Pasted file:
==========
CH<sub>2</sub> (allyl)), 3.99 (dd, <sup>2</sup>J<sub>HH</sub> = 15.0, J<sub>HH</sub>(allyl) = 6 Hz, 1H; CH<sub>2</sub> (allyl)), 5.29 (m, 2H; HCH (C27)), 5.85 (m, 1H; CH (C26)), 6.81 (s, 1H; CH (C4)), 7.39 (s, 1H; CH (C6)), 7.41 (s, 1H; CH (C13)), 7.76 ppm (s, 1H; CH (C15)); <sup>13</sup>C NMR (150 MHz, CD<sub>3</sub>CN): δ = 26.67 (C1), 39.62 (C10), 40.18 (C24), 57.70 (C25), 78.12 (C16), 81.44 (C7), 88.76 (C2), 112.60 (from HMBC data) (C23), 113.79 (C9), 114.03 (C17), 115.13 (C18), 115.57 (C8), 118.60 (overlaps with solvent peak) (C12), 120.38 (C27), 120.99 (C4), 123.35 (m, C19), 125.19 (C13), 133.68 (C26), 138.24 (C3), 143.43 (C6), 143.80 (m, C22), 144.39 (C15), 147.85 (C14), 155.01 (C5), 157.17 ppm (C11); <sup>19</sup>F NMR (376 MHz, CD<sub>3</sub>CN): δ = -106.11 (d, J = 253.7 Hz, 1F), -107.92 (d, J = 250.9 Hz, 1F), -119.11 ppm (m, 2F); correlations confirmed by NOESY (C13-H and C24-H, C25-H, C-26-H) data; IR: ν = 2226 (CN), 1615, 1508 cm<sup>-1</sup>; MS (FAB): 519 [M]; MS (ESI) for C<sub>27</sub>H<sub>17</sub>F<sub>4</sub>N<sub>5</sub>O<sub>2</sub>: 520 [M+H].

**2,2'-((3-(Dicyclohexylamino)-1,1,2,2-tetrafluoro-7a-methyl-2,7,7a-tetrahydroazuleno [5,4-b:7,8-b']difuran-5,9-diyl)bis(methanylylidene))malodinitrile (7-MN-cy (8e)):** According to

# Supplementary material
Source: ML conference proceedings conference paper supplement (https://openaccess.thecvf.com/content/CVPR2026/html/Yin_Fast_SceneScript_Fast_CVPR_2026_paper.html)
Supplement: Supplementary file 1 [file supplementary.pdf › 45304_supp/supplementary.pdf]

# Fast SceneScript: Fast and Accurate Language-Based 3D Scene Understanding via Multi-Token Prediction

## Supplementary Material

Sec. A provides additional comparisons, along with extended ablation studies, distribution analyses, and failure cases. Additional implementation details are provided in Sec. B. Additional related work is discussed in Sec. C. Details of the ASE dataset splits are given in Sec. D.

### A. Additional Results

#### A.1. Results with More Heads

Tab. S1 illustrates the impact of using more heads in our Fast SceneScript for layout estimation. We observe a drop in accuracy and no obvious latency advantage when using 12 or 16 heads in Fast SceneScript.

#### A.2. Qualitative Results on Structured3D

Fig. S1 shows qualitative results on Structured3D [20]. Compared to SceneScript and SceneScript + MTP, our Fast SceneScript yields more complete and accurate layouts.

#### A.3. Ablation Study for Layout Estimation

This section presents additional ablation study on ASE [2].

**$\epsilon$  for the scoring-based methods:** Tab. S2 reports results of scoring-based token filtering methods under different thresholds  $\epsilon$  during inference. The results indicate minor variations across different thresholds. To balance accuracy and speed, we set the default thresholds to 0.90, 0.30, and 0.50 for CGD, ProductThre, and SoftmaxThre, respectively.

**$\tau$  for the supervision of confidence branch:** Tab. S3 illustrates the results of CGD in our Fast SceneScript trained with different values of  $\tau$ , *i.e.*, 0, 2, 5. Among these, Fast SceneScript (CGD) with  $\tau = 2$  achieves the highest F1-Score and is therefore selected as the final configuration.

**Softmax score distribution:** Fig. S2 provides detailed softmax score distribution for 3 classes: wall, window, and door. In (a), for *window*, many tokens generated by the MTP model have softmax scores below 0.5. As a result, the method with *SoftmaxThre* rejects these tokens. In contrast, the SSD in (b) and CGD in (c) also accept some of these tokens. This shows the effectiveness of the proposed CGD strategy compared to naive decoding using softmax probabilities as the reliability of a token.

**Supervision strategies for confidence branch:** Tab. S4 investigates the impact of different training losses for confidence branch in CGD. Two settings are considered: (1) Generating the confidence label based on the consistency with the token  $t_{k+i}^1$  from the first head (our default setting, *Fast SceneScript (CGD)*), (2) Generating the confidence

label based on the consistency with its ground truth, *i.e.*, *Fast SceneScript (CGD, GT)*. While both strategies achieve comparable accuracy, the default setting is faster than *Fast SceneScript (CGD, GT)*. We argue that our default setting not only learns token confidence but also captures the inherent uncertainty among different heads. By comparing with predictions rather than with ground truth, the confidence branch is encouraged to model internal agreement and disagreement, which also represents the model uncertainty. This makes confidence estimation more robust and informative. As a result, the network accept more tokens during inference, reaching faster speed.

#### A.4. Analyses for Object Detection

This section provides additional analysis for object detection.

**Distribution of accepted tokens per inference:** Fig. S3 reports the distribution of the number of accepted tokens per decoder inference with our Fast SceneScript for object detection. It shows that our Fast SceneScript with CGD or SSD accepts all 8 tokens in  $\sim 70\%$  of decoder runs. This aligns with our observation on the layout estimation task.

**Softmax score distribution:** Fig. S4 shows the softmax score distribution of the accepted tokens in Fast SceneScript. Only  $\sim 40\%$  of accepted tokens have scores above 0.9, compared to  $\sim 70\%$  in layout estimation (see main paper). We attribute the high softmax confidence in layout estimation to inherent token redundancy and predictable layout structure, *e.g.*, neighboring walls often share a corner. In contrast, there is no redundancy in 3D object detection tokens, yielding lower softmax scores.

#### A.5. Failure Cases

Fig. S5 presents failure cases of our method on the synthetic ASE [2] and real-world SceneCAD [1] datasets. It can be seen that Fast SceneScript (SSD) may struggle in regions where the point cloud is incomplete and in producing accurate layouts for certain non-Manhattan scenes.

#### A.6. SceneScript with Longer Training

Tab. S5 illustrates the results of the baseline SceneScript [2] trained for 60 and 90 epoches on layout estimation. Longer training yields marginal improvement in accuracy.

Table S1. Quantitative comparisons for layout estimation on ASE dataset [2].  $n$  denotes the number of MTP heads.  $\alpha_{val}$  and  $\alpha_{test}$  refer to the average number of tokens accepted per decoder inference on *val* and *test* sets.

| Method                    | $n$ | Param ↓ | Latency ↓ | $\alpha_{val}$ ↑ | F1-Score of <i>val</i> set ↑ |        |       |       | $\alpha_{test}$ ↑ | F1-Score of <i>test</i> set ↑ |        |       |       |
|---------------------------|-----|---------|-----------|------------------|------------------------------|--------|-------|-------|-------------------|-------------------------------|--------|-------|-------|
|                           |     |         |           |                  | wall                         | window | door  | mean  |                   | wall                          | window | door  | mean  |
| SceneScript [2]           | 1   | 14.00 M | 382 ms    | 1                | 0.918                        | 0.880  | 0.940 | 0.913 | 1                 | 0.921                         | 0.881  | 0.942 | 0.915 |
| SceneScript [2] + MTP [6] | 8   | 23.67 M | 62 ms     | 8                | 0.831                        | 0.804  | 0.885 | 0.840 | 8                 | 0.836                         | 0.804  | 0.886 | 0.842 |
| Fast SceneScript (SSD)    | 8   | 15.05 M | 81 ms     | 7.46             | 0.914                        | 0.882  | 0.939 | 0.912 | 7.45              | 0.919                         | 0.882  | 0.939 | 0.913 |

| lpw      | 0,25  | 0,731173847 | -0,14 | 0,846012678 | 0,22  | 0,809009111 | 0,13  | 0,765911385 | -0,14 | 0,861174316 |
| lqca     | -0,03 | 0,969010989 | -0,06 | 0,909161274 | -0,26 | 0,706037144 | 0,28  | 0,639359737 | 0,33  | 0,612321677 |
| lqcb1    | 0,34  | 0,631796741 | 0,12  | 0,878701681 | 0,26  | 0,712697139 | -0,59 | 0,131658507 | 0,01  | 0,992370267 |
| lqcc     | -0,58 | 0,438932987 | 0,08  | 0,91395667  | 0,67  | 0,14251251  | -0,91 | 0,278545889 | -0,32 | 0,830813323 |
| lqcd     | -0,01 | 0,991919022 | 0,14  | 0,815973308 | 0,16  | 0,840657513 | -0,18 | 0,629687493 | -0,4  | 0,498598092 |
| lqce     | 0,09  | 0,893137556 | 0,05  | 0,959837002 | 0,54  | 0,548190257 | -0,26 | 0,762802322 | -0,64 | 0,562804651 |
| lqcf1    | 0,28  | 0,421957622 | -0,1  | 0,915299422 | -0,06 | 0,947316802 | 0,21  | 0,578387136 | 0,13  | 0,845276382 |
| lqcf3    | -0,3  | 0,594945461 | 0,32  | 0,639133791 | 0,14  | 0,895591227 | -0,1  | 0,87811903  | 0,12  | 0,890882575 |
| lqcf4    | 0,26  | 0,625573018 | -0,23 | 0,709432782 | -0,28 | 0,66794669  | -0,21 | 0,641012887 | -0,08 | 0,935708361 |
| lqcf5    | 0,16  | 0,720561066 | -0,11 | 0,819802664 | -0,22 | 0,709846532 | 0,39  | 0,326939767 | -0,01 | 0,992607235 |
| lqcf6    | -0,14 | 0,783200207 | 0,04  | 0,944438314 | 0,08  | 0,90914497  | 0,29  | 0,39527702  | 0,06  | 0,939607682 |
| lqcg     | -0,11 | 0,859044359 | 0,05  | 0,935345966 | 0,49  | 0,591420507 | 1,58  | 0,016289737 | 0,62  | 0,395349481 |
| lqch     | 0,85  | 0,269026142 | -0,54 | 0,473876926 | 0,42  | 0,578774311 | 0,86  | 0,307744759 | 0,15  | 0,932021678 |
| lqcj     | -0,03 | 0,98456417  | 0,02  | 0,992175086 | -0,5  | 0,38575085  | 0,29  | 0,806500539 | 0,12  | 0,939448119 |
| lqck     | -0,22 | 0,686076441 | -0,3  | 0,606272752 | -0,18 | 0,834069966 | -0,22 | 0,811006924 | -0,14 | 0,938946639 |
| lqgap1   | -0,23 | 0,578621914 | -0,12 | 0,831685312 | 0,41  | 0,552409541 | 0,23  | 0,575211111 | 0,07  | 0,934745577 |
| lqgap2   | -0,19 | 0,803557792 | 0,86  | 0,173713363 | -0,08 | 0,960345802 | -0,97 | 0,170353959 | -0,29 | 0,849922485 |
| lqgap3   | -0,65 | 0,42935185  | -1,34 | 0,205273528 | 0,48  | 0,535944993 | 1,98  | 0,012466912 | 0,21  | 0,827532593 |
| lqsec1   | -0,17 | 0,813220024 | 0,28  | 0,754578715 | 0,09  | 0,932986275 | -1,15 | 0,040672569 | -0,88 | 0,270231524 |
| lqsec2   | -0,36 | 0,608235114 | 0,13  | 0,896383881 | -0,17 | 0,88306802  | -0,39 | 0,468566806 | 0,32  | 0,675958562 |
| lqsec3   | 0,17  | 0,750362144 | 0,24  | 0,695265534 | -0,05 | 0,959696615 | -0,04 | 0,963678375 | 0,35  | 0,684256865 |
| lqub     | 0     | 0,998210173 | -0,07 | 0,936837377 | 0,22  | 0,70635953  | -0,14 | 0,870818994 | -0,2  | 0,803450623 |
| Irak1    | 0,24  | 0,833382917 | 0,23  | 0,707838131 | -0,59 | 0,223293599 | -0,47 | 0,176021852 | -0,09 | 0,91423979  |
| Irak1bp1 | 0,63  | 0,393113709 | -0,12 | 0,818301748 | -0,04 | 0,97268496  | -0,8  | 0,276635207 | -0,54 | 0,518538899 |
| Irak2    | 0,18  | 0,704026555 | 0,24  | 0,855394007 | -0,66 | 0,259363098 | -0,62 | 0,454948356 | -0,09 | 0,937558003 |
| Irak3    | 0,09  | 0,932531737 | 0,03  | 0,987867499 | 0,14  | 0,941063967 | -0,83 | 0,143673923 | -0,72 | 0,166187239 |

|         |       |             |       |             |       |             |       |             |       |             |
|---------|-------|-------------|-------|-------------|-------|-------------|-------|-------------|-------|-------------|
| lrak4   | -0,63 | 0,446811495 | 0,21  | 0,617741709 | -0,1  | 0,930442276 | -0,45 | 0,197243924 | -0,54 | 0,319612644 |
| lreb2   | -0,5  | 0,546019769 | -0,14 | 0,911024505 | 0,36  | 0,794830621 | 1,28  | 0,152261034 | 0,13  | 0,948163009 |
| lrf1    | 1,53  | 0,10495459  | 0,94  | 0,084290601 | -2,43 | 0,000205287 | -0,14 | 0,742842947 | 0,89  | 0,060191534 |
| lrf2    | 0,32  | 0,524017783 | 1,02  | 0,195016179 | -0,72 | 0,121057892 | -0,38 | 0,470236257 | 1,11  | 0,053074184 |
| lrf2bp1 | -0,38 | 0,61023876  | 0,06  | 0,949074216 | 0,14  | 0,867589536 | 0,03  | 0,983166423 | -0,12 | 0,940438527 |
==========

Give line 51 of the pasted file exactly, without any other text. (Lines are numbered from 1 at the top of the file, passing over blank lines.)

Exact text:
| lqgap1   | -0,23 | 0,578621914 | -0,12 | 0,831685312 | 0,41  | 0,552409541 | 0,23  | 0,575211111 | 0,07  | 0,934745577 |